At a recent conference I was asked to speak on what the biggest changes to the public sector for a generation felt like at the coal face for an organisation like Blenheim.
These changes include;
- Re-organisation of the NHS
- Establishment of Public Health England and the transfer of public health funding and responsibilities to local authorities
- Death of the National Treatment Agency as it is swallowed by Public Health England
- Localism agenda
- Police and crime commissioners
- More procurement lead commissioning structures
- Payment by Results
- Increasing role of CQC in our work
I took a straw poll of staff at head office on what the changes felt, looked and smelt like and the consensus answer was uncertainty, the unknown and a leap into the dark.
Uncertainty is the mother of anxiety and this certainly describes how it has felt over the last year as we worried about whether some Hitchcock like Politician with a knife would make cuts in services and funding without rational thought about the consequences for our service users.
I spent much of the last year campaigning with others to ensure that money was not disinvested from our sector and against the evils of the Works Programme and Payment by Results.
There remains huge uncertainty about what the changes will look like going forward, in the end I have decided to keep calm and pretend I know what Blenheim is doing and what the changes will mean for us as we approach April 2013, which feels like the great millennium bug fears of 2000. As I speak to managers, commissioners, CEO’s, Politician’s and senior civil servants it is clear they are all doing the same.
The good news is that central government allocations to local authorities for public health seem to be generous, particularly in the age of austerity. For now everyone is getting to grips with new structures, roles and relationships and I see little appetite or capacity for major change in 2013/14. However over time we will start to see some real changes in what is commissioned as we move to local agenda’s and a whole population rather than a complex need focus, with the needs of the many outweighing the needs of a few. We must embrace these changes with open arms whilst continuing to advocate for the needs of those with whom we work.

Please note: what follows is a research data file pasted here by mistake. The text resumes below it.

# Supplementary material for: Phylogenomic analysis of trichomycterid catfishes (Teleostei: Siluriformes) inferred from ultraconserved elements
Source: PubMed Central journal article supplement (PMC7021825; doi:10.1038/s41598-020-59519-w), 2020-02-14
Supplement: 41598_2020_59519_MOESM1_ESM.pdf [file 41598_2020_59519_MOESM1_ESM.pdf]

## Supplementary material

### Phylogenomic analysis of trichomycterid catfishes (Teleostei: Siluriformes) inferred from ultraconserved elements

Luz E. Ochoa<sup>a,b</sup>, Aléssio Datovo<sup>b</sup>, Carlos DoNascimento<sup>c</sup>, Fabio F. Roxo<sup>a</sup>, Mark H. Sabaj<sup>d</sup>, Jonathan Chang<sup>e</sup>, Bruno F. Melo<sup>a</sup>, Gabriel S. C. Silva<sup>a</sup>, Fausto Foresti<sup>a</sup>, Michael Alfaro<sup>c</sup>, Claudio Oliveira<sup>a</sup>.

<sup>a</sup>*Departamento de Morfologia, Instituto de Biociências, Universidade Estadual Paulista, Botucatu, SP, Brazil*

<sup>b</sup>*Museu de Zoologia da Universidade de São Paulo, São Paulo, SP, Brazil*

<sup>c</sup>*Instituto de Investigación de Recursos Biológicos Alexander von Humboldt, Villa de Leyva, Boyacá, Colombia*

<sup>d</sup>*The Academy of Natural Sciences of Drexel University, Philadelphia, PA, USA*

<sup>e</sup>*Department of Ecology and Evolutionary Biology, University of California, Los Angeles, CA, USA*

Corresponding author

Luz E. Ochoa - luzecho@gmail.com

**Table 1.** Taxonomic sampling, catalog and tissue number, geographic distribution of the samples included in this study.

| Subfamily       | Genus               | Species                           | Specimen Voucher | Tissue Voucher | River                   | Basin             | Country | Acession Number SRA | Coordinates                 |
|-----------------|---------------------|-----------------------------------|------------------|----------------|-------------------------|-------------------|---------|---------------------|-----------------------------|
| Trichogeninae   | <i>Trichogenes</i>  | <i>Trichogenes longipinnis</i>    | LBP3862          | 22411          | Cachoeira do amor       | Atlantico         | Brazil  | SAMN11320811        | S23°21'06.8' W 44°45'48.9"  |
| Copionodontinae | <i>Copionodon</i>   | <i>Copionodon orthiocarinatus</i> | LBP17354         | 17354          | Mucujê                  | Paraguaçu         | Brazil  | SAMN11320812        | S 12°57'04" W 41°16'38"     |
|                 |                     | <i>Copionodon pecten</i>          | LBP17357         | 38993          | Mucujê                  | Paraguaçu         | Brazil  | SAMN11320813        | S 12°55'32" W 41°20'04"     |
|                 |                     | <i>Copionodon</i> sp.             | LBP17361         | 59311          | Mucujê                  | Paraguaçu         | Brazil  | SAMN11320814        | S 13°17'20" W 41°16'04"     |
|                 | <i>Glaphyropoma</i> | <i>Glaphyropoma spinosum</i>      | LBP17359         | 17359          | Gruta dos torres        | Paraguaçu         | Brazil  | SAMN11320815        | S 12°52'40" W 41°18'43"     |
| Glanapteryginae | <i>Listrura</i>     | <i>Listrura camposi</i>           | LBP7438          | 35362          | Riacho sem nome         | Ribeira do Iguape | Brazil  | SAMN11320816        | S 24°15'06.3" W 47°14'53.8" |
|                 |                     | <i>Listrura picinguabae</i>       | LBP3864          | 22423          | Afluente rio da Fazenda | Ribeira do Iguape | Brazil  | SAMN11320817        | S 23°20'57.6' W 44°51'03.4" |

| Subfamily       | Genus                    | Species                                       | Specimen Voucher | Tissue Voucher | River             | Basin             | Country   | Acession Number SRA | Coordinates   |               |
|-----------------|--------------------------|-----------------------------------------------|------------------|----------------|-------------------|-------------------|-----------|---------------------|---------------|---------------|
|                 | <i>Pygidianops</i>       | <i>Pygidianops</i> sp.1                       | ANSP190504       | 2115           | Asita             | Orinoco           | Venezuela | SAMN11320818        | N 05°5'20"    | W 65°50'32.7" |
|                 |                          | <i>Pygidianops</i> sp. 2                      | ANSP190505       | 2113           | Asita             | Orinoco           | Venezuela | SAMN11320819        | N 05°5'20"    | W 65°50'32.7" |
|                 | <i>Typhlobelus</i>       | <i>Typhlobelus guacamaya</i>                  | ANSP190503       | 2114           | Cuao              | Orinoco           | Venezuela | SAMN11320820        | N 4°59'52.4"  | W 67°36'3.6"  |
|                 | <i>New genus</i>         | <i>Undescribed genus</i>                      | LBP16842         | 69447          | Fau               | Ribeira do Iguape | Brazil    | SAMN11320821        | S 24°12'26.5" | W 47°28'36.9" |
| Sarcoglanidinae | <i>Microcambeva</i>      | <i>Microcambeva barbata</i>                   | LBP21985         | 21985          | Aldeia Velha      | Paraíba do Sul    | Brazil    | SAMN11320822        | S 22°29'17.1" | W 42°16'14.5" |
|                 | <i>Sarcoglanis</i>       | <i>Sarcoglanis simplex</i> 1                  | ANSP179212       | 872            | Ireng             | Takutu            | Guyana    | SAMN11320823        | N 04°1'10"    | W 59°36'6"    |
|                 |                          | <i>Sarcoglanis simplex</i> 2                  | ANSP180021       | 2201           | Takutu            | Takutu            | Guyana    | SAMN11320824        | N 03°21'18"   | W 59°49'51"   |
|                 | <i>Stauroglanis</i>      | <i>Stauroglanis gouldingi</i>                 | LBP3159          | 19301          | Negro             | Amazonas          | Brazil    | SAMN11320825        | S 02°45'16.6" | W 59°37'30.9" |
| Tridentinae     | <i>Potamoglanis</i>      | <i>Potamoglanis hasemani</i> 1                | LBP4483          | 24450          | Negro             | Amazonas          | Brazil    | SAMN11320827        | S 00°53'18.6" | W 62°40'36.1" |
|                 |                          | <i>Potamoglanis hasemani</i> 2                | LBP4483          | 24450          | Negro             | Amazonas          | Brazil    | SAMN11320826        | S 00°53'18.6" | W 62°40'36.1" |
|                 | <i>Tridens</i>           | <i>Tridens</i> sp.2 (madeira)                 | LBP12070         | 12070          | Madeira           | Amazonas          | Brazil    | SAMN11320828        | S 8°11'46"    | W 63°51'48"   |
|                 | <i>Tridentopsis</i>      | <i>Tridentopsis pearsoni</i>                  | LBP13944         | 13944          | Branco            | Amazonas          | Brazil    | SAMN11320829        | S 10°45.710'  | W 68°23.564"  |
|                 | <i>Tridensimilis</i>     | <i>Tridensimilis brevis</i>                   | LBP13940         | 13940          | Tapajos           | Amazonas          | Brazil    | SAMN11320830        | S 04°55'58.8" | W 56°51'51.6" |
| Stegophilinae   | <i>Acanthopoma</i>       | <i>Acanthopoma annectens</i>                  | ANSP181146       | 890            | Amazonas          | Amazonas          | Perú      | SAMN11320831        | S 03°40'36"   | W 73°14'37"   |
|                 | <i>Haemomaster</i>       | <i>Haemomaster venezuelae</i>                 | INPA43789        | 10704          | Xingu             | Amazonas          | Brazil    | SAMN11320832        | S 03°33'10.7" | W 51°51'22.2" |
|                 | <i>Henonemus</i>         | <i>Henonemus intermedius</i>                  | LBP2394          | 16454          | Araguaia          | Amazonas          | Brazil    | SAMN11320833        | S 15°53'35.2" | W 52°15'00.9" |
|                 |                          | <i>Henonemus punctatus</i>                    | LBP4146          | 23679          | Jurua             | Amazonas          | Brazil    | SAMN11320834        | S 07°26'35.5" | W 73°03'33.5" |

We have the greatest treatment system in the world but if we are to keep it we need to fight for it, love it, protect it; and embracing change, innovation and new priorities; develop it.
Perhaps the biggest threats are competitive tendering processes and the culture of competition it forces on agencies, who otherwise, would work together collaboratively in the interests of service users. There is little evidence that current commissioning and procurement processes improve service delivery and lots of evidence that they do the opposite.
The drug and alcohol treatment sector has in my view a clear mission to end dependency by enabling people to change and along the way we also have a duty to help people improve their health, quality of life and reduce their involvement in risky behaviour and criminal activity.
Excellent services and staff work tirelessly up and down the country making a positive impact that not only improves the health of the individual’s drug and alcohol users but has a positive impact on their families and friends. People using our services are not just people with drug and alcohol problems they are partners, fathers, grandmothers, children, brothers, sisters, friends, work colleagues and carers. Helping them beat dependency helps put the joy back in so many lives. The ripples of the work undertaken by staff and agencies up and down the country spread out across every community. It’s worth every penny of the £billion that is spent on it and its worth fighting for.
It is time for us to collaborate and come together as a sector to fight for what we believe is important ending dependency, enabling recovery, hope, and better lives for those with whom we work. It’s time to challenge the damaging commissioning and procurement culture imposed on us by European procurement rules which is damaging our capacity to do this. Of course commissioners should have the right to re-tender and re-commission services but this should not be arbitrary process and should be needs lead. There is a need to develop and explore concepts of co-production between local authorities and the third sector.